8 Then [God] gave Abraham the covenant of circumcision.  And Abraham became the father of Isaac and circumcised him eight days after his birth. Later Isaac became the father of Jacob, and Jacob became the father of the twelve patriarchs.

The Sanhedrin could not argue with Stephen’s recounting of early Jewish history.  They were probably nodding in agreement all along, completely unaware that Stephen’s argument was building the case and leading them to a place where they must acknowledge this truth:  worship of God, is not something new, or local, or geographical.  Stephen is reclaiming worship that is something very old.  It’s revolutionary…because it bucked with current tradition….but it was not a new truth at all.

BibleThe Bible is like that. 

Filled with truths we rediscover anew with extended reading.

God is not confined to a geographical land, or a temple made by human hands.  God has never set up holy sites or shrines like people will set up to various fake deities.  So the accusation regarding the destruction of the temple wasn’t blasphemy because it never contained God to begin with.  It was just a building. God is too big and the temple itself was never to substitute for God.

When you stop to think about a pilgrimage, like Muslims to Mecca, what does that say about their view of their god? Small. Local. Not a god at all.  Pilgrimages and temples and customs risk substituting something we can do for who God is. Our God is not manmade!  The temple?  Just a place to worship alongside others.  Customs of Moses? Just things to help us remember how to worship.  Neither one is an acceptable substitute for the living God and the outreaching Gospel of Good News to an entire world–a universe really– in which God is at work and worthy of worship.

So what about us?  I read a blog post this past week from a pastor about the painful process of closing a church. Pastor John Frye writes,

Last Sunday the local church where I have served as pastor for nine years closed…the decision to close was a “severe mercy.” Severe in that it is always hard to end a church’s history and merciful because the faithful folks who hung in to the end were fatigued and needed a clear, sharp decision about their future….As the ministry entered into its final two years, issues in the church’s DNA, frictions with members, and the inability of the church to negotiate healthy change, the church entered into what our denomination calls an “at risk” status. Using a medical metaphor, the church went into cardiac arrest and was on life support in the last eight months to a year. It’s hard to get a church on life support to become more missional. Energy levels drop and morale flounders. I came to a hard realization: churches do die and this one was dying under my care.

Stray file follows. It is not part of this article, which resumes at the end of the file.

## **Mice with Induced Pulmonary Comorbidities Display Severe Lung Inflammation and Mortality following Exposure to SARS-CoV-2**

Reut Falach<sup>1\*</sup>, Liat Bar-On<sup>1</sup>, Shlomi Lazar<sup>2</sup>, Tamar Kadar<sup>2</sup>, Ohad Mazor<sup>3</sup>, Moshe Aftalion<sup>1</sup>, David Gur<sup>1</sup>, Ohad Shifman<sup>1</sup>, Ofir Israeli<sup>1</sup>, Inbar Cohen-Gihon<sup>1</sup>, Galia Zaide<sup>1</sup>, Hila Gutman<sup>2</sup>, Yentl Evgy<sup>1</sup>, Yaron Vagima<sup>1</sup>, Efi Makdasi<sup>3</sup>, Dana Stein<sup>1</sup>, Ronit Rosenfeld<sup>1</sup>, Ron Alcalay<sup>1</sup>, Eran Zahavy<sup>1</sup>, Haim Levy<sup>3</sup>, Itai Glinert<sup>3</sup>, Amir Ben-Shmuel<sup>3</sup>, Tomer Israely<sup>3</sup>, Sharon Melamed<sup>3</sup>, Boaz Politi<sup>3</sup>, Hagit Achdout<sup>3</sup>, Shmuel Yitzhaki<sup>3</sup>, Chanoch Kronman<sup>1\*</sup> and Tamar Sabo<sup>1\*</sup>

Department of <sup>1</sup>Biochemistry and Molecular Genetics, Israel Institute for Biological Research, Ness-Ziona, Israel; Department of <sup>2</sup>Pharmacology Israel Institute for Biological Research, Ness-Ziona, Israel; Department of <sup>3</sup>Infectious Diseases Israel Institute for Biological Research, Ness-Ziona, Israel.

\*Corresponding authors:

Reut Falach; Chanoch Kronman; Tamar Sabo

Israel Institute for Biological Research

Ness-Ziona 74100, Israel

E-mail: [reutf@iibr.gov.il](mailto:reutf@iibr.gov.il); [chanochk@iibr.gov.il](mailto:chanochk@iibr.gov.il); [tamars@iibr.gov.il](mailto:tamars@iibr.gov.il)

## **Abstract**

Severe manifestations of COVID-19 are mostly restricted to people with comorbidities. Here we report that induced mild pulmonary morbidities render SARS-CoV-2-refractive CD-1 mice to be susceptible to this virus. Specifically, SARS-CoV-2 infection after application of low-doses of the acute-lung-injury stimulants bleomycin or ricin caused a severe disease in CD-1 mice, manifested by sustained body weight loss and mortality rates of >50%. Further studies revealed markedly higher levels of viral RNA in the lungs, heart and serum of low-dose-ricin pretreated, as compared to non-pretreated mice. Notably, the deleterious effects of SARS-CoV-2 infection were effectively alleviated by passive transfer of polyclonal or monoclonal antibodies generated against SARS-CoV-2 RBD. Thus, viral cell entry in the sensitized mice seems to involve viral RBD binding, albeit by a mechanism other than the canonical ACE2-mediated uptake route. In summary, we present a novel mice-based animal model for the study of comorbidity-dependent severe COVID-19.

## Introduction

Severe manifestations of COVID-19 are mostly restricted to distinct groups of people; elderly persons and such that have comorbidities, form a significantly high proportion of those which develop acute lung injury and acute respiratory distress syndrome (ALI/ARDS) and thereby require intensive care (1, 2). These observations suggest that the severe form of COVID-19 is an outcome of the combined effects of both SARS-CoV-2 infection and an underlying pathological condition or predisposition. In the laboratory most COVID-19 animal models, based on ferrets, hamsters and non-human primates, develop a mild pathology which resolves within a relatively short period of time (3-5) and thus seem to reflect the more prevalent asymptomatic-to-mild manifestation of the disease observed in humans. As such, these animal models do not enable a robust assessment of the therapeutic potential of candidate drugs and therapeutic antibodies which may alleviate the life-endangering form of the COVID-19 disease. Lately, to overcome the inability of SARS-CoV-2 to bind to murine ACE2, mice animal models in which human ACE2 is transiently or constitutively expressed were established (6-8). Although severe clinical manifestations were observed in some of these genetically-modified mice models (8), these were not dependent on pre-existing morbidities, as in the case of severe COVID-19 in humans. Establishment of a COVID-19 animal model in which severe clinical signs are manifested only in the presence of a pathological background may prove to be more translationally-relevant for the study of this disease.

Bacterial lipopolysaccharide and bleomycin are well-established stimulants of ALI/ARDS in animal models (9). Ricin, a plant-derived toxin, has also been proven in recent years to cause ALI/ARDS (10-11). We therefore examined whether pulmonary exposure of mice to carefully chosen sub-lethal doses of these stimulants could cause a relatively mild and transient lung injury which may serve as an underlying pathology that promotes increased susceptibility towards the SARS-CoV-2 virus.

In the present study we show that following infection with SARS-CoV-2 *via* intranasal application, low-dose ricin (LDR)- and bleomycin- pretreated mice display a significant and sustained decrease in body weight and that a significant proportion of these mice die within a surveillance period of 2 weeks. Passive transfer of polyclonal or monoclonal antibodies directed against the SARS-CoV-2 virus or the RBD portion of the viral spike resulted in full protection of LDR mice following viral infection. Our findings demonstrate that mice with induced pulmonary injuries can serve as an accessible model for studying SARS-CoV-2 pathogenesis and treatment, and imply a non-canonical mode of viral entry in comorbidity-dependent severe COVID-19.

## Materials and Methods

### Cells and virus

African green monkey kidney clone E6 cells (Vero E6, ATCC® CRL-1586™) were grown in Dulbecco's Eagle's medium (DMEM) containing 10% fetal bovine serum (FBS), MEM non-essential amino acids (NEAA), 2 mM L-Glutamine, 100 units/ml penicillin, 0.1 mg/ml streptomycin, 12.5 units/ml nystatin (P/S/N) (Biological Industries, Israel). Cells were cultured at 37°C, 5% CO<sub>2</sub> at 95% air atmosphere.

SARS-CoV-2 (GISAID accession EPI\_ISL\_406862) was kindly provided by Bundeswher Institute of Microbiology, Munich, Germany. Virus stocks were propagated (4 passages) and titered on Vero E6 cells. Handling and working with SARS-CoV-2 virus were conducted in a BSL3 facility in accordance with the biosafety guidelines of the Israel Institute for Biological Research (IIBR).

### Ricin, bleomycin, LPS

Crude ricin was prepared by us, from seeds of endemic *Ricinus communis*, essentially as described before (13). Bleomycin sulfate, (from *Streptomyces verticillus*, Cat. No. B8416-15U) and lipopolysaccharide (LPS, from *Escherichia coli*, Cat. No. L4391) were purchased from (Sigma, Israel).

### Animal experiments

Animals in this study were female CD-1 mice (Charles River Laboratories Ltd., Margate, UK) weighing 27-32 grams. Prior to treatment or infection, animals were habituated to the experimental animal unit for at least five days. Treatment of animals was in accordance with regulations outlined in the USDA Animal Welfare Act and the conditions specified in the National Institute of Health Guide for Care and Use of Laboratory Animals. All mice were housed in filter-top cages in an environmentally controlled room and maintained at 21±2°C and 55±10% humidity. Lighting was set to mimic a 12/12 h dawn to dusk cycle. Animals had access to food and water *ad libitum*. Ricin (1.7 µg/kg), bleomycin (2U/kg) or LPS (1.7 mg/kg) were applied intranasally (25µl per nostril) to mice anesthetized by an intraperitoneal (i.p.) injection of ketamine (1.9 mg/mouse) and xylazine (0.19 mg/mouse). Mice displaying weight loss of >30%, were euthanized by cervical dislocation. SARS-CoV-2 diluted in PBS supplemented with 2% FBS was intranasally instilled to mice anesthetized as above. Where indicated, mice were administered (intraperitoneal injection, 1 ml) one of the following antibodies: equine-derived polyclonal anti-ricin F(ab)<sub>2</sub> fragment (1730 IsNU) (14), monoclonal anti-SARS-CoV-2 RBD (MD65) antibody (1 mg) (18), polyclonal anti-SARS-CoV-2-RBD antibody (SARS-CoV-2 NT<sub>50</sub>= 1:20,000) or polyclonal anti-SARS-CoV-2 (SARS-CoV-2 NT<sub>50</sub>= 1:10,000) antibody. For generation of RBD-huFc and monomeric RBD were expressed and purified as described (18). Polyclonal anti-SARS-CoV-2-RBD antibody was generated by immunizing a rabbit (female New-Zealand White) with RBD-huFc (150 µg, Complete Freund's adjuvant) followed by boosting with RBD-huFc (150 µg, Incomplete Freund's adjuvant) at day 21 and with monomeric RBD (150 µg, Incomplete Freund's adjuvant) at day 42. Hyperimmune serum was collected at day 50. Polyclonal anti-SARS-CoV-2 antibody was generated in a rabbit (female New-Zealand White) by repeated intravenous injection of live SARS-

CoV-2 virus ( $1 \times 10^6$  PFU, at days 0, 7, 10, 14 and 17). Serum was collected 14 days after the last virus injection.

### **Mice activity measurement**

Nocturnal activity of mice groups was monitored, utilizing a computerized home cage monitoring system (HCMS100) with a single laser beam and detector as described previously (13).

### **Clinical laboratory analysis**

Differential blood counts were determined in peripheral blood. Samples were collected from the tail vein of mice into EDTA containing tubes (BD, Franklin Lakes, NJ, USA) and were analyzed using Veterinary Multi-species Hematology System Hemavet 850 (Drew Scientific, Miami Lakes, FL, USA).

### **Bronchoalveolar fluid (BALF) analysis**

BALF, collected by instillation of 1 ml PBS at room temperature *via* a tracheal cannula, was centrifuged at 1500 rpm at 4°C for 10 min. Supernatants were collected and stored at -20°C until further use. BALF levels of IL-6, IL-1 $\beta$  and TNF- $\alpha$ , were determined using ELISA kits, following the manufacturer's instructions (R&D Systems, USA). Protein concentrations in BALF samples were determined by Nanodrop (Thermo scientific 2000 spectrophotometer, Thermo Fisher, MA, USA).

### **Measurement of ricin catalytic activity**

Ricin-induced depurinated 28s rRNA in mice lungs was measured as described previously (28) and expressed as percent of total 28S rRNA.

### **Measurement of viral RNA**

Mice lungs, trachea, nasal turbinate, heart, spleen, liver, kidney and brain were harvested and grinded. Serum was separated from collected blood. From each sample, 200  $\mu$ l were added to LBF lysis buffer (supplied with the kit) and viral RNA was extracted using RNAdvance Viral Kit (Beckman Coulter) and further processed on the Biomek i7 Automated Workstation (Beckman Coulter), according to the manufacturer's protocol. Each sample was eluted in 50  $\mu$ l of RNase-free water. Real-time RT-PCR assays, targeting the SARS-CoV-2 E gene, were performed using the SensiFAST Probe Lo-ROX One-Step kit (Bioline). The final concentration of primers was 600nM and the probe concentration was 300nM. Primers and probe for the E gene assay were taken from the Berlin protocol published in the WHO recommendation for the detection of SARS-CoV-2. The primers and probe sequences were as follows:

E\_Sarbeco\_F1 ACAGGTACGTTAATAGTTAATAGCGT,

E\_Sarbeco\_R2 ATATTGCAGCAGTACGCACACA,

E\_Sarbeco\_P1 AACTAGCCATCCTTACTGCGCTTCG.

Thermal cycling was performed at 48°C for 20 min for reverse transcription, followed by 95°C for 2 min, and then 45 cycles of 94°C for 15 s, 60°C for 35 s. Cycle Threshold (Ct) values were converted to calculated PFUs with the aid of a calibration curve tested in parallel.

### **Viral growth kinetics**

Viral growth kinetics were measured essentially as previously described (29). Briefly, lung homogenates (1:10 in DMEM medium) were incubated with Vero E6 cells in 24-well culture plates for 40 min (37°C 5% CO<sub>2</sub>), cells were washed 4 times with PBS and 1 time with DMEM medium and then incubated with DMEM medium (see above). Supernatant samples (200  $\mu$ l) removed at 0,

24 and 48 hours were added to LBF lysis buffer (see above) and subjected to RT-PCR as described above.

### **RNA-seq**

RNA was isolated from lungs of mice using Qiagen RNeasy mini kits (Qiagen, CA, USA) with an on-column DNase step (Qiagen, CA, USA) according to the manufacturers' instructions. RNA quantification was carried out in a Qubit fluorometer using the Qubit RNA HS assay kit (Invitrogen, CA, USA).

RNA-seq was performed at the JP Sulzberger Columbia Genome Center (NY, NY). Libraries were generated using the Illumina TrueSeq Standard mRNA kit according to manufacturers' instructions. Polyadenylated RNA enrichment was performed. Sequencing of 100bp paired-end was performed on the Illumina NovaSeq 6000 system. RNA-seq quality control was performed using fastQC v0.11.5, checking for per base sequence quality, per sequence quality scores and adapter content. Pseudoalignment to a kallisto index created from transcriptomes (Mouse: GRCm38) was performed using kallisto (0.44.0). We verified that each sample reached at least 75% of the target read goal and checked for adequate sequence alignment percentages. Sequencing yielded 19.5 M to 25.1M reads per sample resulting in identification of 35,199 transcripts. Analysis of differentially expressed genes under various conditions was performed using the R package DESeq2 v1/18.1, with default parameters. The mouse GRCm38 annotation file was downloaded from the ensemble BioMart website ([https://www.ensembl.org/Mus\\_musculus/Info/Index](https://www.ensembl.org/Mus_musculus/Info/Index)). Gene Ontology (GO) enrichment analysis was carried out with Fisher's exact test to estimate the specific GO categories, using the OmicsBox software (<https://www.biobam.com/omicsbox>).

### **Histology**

It was a longstanding church in a different denomination.  The people were exhausted.  Nice, but exhausted.  There was no missional, outward looking to share the Gospel.  Nice people with a largely empty building and rather empty traditions, a sort of temple-and-customs-of-Moses.  Poor substitutes for the Living God.

What about us?  Worship of God will go on, even if Plymouth were to close its doors, so long as there are people whose focus is on worship.  I will continue to worship God (Father, Son, and Holy Spirit) wherever I can as would be the case for all who worship God.  Much of what we do isn’t related to worship at all.  It’s not just us.  It’s at many, if not most, if not all churches in the US.

In America, in our largely comfortable lives, we’re comfortable with all temple and customs of Moses and remarkably little of the Spirit of God who brings life to the Church.

The famous author AW Tozer once said,

If the Holy Spirit was withdrawn from the church today, 95 percent of what we do would go on and no one would know the difference. If the Holy Spirit had been withdrawn from the New Testament church, 95 percent of what they did would stop, and everybody would know the difference.”

This is what is radical about Stephen’s defense: worship has always been about God and wherever we engage in true worship of Him—in spirit and in truth, the kind of worshipers the Father seeks, Jesus says (John 4:23).  This type of worship?  The world would notice if we stopped. At least that’s how the early church was.  The temple?  The customs of Moses?  Stephen, with his knowledge of the Scriptures and Jewish history, his deep faith, and his radical defense… Stephen wanted to be “Guilty as Charged,” of worshiping God in spirit and in truth which beats the temple and Moses any day of the week and twice on Sunday.  Let’s pray.

Categories Chapel Worship/News | Tags: | Posted on March 9, 2015